Join us on April 9, as our Sesquicentennial-timed presentations turn to the battle of Chancellorsville. Historian Frank O’Reilly returns as our guest.
Meeting time: 7:30 PM, April 9, 2013.
Location: Thomas Balch Library, 208 West Market Street, Leesburg, Virginia.
Topic: Robert E. Lee and the Battle of Chancellorsville
Throughout its long 4 year struggle for independence, the Confederacy faced many serious military threats from the North. None were as serious as that posed by the Chancellorsville Campaign which the newly appointed Union General “Fighting Joe Hooker” had carefully planned and initiated in the early spring of 1863. Quickly seizing the initiative in the opening moves of this campaign, Hooker had clearly outmaneuvered his Confederate counterpart and had placed his newly reorganized and rejuvenated Army of the Potomac seemingly in an unassailable position from which it could deliver a knockout blow in the east, a blow from which the fledgling Confederacy would not be able to recover. This is the same Union army which had suffered one of its greatest defeats on the banks of the Rappahannock at Fredericksburg barely 5 months earlier. And for the first time in more than 2 grueling years of hard fighting in the eastern theatre, it looked as though Hooker would be the first of a long line of successive Union commanders to bring Lincoln the victory he so earnestly desired. “May God have mercy on General Lee (and his Army of Northern Virginia) for I will have none” was Hooker’s boast prior to the campaign.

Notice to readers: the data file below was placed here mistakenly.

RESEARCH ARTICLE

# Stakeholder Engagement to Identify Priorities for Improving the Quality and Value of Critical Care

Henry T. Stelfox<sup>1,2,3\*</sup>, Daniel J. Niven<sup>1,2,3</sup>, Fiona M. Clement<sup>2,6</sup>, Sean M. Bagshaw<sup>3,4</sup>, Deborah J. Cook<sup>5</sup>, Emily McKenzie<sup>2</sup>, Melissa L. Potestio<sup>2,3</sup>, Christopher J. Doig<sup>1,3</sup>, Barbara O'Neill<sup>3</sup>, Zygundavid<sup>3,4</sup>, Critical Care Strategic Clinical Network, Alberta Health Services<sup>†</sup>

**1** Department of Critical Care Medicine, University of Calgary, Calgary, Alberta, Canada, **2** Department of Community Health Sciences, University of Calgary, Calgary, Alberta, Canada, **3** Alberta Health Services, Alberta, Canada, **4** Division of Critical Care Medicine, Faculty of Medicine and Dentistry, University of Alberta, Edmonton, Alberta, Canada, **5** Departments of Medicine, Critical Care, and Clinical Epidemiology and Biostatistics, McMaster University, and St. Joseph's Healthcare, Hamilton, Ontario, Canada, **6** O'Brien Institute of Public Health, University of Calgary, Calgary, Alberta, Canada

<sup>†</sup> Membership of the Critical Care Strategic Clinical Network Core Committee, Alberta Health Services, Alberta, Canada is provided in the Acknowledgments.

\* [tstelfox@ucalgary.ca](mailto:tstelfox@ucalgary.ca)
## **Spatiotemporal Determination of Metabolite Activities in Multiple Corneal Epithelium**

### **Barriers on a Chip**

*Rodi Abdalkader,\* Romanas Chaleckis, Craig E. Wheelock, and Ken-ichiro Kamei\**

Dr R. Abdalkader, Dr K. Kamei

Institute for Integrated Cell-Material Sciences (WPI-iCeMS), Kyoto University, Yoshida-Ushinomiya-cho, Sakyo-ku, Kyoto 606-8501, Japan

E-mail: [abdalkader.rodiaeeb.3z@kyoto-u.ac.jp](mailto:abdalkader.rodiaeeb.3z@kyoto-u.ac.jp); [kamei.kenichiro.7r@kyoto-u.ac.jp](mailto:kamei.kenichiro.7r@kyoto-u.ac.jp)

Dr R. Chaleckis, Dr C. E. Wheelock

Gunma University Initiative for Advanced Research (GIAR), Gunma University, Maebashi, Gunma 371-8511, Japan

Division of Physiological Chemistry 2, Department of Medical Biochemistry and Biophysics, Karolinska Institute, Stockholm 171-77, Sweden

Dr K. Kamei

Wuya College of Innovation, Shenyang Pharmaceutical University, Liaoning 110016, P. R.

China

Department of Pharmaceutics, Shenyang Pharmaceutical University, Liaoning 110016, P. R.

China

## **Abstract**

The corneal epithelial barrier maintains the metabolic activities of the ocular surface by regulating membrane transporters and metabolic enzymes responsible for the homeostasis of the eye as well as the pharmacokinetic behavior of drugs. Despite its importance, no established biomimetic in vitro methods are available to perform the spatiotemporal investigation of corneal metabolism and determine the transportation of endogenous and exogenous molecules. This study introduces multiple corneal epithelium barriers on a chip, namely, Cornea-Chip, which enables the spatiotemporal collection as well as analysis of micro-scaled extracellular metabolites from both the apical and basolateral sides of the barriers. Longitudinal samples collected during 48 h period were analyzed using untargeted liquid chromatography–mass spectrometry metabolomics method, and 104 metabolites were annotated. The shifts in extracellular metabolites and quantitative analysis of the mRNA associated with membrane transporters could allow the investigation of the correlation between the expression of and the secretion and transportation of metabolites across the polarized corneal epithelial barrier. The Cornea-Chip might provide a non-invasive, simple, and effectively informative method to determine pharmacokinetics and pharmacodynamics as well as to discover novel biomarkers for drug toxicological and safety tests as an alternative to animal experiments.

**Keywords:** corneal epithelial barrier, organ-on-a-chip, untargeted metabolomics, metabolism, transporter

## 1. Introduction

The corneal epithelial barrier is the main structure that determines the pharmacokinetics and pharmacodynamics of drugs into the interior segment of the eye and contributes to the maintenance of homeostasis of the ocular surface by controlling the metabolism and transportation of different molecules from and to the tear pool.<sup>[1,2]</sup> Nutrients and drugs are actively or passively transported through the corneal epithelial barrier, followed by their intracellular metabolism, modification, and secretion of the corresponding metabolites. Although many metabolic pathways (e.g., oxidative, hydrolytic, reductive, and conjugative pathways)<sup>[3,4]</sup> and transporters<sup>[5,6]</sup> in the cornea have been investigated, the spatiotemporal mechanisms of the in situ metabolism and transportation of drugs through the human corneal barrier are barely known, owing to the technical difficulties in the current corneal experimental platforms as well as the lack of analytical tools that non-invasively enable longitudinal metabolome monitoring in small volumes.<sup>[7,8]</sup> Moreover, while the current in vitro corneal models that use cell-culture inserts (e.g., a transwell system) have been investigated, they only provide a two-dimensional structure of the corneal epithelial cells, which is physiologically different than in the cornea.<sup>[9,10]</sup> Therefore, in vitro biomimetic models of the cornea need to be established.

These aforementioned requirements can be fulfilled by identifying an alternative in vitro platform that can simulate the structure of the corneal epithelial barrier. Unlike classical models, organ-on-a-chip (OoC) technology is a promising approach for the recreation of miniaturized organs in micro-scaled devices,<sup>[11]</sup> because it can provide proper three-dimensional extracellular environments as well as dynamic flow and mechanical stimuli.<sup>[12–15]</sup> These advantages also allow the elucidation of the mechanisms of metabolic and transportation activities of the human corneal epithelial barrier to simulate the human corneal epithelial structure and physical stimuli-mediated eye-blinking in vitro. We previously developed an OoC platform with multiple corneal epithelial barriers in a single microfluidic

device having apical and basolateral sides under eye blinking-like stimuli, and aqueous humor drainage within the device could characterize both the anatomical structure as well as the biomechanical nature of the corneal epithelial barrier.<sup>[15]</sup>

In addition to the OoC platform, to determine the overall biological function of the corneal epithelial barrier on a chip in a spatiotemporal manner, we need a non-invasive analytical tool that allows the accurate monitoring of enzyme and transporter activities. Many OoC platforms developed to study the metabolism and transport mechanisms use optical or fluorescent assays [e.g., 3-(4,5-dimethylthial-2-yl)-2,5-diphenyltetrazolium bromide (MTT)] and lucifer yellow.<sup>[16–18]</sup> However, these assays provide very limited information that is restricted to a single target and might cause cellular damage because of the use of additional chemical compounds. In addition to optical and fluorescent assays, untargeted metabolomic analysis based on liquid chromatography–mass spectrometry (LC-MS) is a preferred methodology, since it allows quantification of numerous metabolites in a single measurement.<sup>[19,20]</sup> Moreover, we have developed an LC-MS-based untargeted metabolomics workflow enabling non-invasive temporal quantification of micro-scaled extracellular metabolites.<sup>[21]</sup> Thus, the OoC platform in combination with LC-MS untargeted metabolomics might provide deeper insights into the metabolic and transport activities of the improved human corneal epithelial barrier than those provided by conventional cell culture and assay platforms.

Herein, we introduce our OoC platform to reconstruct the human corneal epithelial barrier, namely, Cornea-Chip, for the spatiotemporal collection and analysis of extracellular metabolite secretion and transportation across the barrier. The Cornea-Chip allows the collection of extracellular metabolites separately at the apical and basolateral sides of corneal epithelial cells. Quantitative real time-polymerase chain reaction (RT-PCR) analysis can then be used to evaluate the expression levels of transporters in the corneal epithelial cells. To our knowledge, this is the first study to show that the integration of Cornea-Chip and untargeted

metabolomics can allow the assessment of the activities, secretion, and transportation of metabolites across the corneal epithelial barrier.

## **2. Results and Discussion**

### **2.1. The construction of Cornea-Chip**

But unfortunately for Hooker and his Army of the Potomac, they were in for a rather rude awakening in the wilderness that surrounds Chancellorsville. Soon, they found themselves hotly engaged in a deadly struggle against an opponent whose name has come to be synonymous with sheer audacity and cunning on the battlefield. For Hooker’s opponent was none other than General Robert E. Lee. For almost a year, Lee and his famed Army of Northern Virginia had managed to keep the ponderous and powerful Union Army of the Potomac at bay north of the Rappahannock River. But the threat now posed by Hooker at Chancellorsville seemed to break the stalemate on the banks of the Rappahannock and opened the road to Richmond. Outnumbered by more than two to one at the beginning of the campaign and, at first, brilliantly outmaneuvered by his opponent, RE Lee overcame impossible odds and achieved one of the greatest and most improbable victories in the history of armed conflict. Through a series of adroit maneuvers, Lee was able to quickly regain the initiative and eventually turn the tide of battle in his favor in this remarkable campaign. How Lee personally conducted himself under extreme pressure on the battlefield in the face of a seemingly invincible enemy and overwhelming odds is the focus of this evening’s presentation.
About our speaker:
Frank A. O’Reilly graduated from Washington & Lee University in 1987 and joined the National Park Service. Aside from a brief tour at Independence Hall in Philadelphia, Frank’s assignments were at Fredericksburg-Spotsylvania National Military Park. He served as a historical consultant for the City of Fredericksburg. He has authored many articles and appeared in numerous documentaries. In addition he has presented military history topics to audiences around the world. Recently he presented in Oxford, United Kingdom on the bicentennial of Robert E. Lee’s Birth and the Sesquicentennial of the Civil War. His published books include Stonewall Jackson at Fredericksburg (1993) and The Fredericksburg Campaign: Winter War on the Rappahannock (2003). The last mentioned work won the 2002 Capital District (Albany, NY) Book Award; the 2003 James I. Robinson, Jr. Book Award; the 2004 Daniel Laney Book Award; and the 2004 Richard Barksdale Harwell Book Award. Currently Frank’s is researching for a future title on the Seven Day’s Campaign and the Battle of Malvern Hill.